Since starting my own business last year, there have been occasions when I have sorely missed the comfort and safety of a corporate environment. Power outages rank high on the list, whether they last for a half hour or half a day.
A few weeks ago, my town suffered a several-hour outage that made it clear I needed to rethink my business continuity and disaster recovery plan. As a reporter, I’ve covered this area for large enterprises for almost a decade. I’m well aware of the havoc that power outages can wreak on a company that did not account for power outages of any length. Yet, when I was formulating my own business continuity plan, I did not have a contingency in place for this event.
So for three hours on one of the busiest days of my freelance career, I was left literally “in the dark.” Now that it’s over, here are my power outage preparation tips.
1. Make sure your laptop battery is fully charged. I had just been on a business trip and let my battery drain completely on the flight home. I never recharged it, and when I lost power I was without any computing resources.
2. Invest in a back-up power supply. My IT manager friend recommends buying a UPS that lasts 4 hours for around $700. Some houses come equipped with a back-up generator or you can have one installed. Consider whether your business needs this kind of investment – you might be surprised when you answer that even 2 hours is too long to be offline. Also, if you have more than one person working out of your home, this might be a good fit to keep you both up and running.
3. A less-expensive option is to keep extra laptop batteries on hand. Most of you know how long your laptop battery lasts – often times it’s not enough to survive a 3-hour flight. Therefore, if you were to have a power outage that lasted several hours, you’d need several charged batteries. Think about how much downtime you could withstand on the average workday. If that number is less than an hour, make sure you have enough batteries to cover your necessary work hours.
4. Keep an old-fashioned telephone nearby. Many of us spend our days on cordless phones, but they die when the power goes out. While cell phones are fine for a short period, you don’t want to base your business on the spotty service you might receive inside your house. Instead, keep a wired phone somewhere handy that you can plug in during an outage.
5. Keep your laptop in synch with your desktop. If you don’t regularly use your laptop and it’s not part of a desktop docking station, make sure you at least keep the applications in synch. The last thing you want to do is get your laptop booted up only to find that you never installed the application you use most each day or the version you have is out of date.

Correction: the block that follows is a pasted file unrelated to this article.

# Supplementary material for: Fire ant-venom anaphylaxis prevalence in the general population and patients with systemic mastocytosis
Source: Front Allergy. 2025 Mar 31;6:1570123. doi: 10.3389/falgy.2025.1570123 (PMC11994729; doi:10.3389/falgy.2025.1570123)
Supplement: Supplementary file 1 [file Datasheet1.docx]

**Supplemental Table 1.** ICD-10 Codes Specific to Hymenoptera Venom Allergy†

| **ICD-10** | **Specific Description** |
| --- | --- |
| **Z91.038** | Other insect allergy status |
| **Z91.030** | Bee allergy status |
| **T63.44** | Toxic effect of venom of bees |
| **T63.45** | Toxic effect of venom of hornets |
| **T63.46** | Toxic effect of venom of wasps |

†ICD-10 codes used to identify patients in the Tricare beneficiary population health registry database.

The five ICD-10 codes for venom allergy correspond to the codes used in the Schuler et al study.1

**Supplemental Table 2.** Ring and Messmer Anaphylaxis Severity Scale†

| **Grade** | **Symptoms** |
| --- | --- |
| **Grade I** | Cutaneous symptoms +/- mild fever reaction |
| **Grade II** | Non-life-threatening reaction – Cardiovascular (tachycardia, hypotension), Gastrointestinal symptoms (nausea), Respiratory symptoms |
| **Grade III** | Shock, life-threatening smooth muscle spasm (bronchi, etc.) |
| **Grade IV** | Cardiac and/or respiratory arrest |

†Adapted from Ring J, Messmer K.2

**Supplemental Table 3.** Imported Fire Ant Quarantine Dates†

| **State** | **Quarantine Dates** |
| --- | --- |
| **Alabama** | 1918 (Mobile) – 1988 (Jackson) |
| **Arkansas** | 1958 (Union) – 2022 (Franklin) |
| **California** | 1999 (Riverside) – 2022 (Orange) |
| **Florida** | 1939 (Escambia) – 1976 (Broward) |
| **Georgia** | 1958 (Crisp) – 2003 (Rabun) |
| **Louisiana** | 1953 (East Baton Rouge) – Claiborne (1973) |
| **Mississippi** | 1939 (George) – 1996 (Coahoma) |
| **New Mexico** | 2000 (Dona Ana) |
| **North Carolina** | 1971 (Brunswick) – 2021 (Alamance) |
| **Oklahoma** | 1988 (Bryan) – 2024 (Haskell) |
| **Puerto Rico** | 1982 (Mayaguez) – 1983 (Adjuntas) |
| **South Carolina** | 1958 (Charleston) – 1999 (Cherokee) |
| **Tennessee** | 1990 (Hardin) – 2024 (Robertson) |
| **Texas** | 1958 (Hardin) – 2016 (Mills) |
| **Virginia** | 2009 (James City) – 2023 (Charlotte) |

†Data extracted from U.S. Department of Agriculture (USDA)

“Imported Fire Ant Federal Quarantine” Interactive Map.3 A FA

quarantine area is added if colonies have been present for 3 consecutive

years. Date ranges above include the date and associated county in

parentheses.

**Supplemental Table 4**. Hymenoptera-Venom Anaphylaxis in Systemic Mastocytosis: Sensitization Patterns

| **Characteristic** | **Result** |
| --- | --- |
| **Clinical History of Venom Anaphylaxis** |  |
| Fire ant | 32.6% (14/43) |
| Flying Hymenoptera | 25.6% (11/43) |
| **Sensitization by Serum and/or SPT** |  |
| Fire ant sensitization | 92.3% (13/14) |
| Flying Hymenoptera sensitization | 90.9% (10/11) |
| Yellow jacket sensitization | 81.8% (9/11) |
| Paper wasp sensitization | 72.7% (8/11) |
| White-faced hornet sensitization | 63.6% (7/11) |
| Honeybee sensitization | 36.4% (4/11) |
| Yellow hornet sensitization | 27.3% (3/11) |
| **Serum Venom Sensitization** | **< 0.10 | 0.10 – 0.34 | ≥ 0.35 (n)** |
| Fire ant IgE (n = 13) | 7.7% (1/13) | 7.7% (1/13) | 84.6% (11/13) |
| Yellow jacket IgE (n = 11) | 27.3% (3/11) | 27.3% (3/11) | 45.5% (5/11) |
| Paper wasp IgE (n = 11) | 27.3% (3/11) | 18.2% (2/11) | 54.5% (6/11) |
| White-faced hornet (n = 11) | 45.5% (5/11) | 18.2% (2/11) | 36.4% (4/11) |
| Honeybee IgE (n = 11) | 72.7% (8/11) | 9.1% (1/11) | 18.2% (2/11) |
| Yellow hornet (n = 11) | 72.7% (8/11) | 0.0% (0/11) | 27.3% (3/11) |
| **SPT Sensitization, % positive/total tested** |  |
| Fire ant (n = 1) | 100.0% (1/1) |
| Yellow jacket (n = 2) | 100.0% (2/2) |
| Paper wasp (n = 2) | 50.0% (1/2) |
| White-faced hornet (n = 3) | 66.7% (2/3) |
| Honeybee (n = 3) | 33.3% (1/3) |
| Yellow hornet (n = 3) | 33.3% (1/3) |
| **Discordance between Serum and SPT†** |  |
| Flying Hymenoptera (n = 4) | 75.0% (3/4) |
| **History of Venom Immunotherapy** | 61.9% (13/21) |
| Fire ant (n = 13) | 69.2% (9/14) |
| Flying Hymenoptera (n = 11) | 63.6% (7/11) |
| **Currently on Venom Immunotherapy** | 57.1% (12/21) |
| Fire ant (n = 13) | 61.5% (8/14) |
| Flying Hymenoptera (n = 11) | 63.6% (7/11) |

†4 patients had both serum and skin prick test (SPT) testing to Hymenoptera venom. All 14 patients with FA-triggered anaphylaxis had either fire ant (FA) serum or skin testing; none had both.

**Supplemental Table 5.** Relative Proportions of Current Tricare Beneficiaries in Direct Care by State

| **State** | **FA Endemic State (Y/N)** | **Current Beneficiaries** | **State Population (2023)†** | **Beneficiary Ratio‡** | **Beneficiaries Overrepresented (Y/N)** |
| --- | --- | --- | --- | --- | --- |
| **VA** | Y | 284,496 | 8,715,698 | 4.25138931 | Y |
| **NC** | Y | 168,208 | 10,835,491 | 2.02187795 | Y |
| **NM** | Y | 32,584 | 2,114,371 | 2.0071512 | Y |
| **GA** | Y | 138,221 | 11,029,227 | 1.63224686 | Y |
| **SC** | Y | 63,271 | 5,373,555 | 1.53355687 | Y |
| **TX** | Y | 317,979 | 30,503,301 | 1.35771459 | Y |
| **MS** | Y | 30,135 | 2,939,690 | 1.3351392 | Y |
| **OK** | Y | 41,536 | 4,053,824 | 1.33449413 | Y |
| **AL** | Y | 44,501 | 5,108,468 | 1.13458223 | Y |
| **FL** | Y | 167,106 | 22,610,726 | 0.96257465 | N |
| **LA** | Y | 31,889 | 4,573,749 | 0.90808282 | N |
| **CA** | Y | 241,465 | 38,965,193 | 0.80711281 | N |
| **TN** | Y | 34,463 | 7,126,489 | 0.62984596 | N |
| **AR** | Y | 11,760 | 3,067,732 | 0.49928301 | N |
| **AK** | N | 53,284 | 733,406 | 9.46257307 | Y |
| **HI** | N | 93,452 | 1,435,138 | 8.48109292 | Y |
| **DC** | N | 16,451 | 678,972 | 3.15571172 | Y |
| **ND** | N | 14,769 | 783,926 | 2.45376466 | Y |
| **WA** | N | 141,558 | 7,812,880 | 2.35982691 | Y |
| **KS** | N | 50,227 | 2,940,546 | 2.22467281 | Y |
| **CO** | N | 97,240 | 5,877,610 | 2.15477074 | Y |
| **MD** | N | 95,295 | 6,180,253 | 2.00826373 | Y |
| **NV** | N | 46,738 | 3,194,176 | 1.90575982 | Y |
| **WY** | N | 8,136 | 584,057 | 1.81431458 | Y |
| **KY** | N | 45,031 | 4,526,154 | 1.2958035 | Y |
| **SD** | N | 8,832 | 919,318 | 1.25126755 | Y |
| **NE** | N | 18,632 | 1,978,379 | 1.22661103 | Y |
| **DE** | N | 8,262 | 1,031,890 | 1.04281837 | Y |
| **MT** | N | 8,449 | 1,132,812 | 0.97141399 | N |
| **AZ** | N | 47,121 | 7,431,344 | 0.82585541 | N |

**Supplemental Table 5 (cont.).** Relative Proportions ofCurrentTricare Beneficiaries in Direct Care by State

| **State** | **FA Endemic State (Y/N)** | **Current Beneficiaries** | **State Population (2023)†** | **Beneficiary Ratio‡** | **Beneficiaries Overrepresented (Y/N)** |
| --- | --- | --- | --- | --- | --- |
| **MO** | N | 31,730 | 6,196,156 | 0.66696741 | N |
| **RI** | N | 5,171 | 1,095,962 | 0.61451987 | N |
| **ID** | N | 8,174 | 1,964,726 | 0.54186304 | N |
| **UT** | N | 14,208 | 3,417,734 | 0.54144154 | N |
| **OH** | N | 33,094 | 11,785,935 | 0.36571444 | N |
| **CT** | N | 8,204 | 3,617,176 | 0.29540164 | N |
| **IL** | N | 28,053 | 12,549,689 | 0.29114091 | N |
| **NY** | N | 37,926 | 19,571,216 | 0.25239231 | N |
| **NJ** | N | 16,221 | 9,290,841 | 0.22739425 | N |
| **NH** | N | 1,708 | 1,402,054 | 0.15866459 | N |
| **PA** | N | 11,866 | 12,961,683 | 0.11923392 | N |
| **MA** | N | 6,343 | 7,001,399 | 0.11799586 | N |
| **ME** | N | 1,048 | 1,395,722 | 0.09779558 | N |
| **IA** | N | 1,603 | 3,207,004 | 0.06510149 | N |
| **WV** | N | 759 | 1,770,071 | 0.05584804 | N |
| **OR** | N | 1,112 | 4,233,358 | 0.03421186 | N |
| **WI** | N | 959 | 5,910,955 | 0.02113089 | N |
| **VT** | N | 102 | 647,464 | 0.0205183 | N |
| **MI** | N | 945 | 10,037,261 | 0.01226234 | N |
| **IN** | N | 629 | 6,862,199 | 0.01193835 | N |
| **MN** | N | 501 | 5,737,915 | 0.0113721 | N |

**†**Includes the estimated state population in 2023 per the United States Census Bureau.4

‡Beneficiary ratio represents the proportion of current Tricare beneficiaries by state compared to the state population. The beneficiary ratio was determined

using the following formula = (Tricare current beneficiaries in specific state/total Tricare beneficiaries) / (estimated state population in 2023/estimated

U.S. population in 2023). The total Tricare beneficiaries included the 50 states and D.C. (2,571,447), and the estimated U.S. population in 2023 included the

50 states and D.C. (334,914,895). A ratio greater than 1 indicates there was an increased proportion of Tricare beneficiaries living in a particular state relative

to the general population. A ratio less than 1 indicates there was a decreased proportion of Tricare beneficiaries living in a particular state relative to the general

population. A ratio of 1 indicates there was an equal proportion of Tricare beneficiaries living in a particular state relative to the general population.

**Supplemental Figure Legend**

6. Get a back-up Internet access method. Remember, in a power outage, your high-speed cable connection will be down as well. Again, if you can’t afford to be offline for a period of time (and you have to weigh this carefully), then this is a failsafe cost. My IT manager friend notes that a wireless GSM card would also do the trick, but would cost $50 a month.
7. Have a back-up method for getting e-mail. If you aren’t going to go the dial-up route, then at least have a method for retrieving and answering e-mail. Luckily, my Blackberry serves this purpose quite well. But frankly, when the power outage lasted more than an hour and I had stories to file, I realized the wireless GSM card or even a dial-up account would have been the better bet. If you can get online, then make sure you know how to access your e-mail via your provider’s Web portal or that your laptop e-mail software is configured properly.
8. Back up your data. If worse came to worse and you did have to work offline for a period of time, do you have the latest version of your files backed up? Your answer should always be yes. I make sure I burn a CD at the end of each day containing my documents, QuickBooks data, recent e-mail and whatever other information I work with regularly. This is in addition to the Iomega backup I do each week.
9. Know your relocation options. Some home-based business owners upon hearing about a power outage simply pack up their things and head to a coffee shop or book store that still has power. This might be your best alternative. Just make sure you remember to take your laptop, power cord, wireless card and backup CD with you.
10. Know the number to your electric company. You’ll want to call right away to find out what the problem is and when they estimate it will be fixed. Don’t rely on the automated voice messages they post on their answering system. Try to talk to a live person and explain that you need to know for your business. They’ll probably be able to give you a better feel for the situation and you can put your business continuity plan into effect.